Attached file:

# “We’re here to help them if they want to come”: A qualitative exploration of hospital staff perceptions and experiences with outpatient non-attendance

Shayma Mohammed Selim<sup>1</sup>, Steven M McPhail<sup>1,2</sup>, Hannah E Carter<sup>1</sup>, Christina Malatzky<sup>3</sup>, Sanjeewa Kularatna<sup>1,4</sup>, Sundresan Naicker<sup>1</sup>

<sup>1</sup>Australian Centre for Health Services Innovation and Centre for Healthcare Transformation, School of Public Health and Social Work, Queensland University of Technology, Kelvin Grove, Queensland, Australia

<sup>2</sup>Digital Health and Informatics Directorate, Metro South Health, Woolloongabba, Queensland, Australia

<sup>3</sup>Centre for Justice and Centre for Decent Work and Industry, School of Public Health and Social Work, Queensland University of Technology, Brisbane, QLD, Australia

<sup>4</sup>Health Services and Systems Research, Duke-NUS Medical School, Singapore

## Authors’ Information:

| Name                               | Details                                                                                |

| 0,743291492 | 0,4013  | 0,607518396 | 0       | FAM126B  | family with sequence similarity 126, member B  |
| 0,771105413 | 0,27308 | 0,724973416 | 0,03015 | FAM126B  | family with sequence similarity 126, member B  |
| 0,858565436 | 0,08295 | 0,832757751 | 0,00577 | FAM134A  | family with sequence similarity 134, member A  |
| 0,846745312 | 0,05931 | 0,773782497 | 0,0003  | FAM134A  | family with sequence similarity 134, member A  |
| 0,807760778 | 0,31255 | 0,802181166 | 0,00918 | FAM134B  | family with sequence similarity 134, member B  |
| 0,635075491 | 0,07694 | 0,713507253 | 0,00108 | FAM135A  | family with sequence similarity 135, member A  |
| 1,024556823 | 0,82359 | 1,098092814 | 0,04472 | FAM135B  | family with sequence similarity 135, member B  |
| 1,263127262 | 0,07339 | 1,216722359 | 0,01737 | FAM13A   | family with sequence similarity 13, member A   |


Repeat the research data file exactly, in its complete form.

# “We’re here to help them if they want to come”: A qualitative exploration of hospital staff perceptions and experiences with outpatient non-attendance

Shayma Mohammed Selim<sup>1</sup>, Steven M McPhail<sup>1,2</sup>, Hannah E Carter<sup>1</sup>, Christina Malatzky<sup>3</sup>, Sanjeewa Kularatna<sup>1,4</sup>, Sundresan Naicker<sup>1</sup>

<sup>1</sup>Australian Centre for Health Services Innovation and Centre for Healthcare Transformation, School of Public Health and Social Work, Queensland University of Technology, Kelvin Grove, Queensland, Australia

<sup>2</sup>Digital Health and Informatics Directorate, Metro South Health, Woolloongabba, Queensland, Australia

<sup>3</sup>Centre for Justice and Centre for Decent Work and Industry, School of Public Health and Social Work, Queensland University of Technology, Brisbane, QLD, Australia

<sup>4</sup>Health Services and Systems Research, Duke-NUS Medical School, Singapore

## Authors’ Information:

| Name                               | Details                                                                                |

| 0,743291492 | 0,4013  | 0,607518396 | 0       | FAM126B  | family with sequence similarity 126, member B  |
| 0,771105413 | 0,27308 | 0,724973416 | 0,03015 | FAM126B  | family with sequence similarity 126, member B  |
| 0,858565436 | 0,08295 | 0,832757751 | 0,00577 | FAM134A  | family with sequence similarity 134, member A  |
| 0,846745312 | 0,05931 | 0,773782497 | 0,0003  | FAM134A  | family with sequence similarity 134, member A  |
| 0,807760778 | 0,31255 | 0,802181166 | 0,00918 | FAM134B  | family with sequence similarity 134, member B  |
| 0,635075491 | 0,07694 | 0,713507253 | 0,00108 | FAM135A  | family with sequence similarity 135, member A  |
| 1,024556823 | 0,82359 | 1,098092814 | 0,04472 | FAM135B  | family with sequence similarity 135, member B  |
| 1,263127262 | 0,07339 | 1,216722359 | 0,01737 | FAM13A   | family with sequence similarity 13, member A   |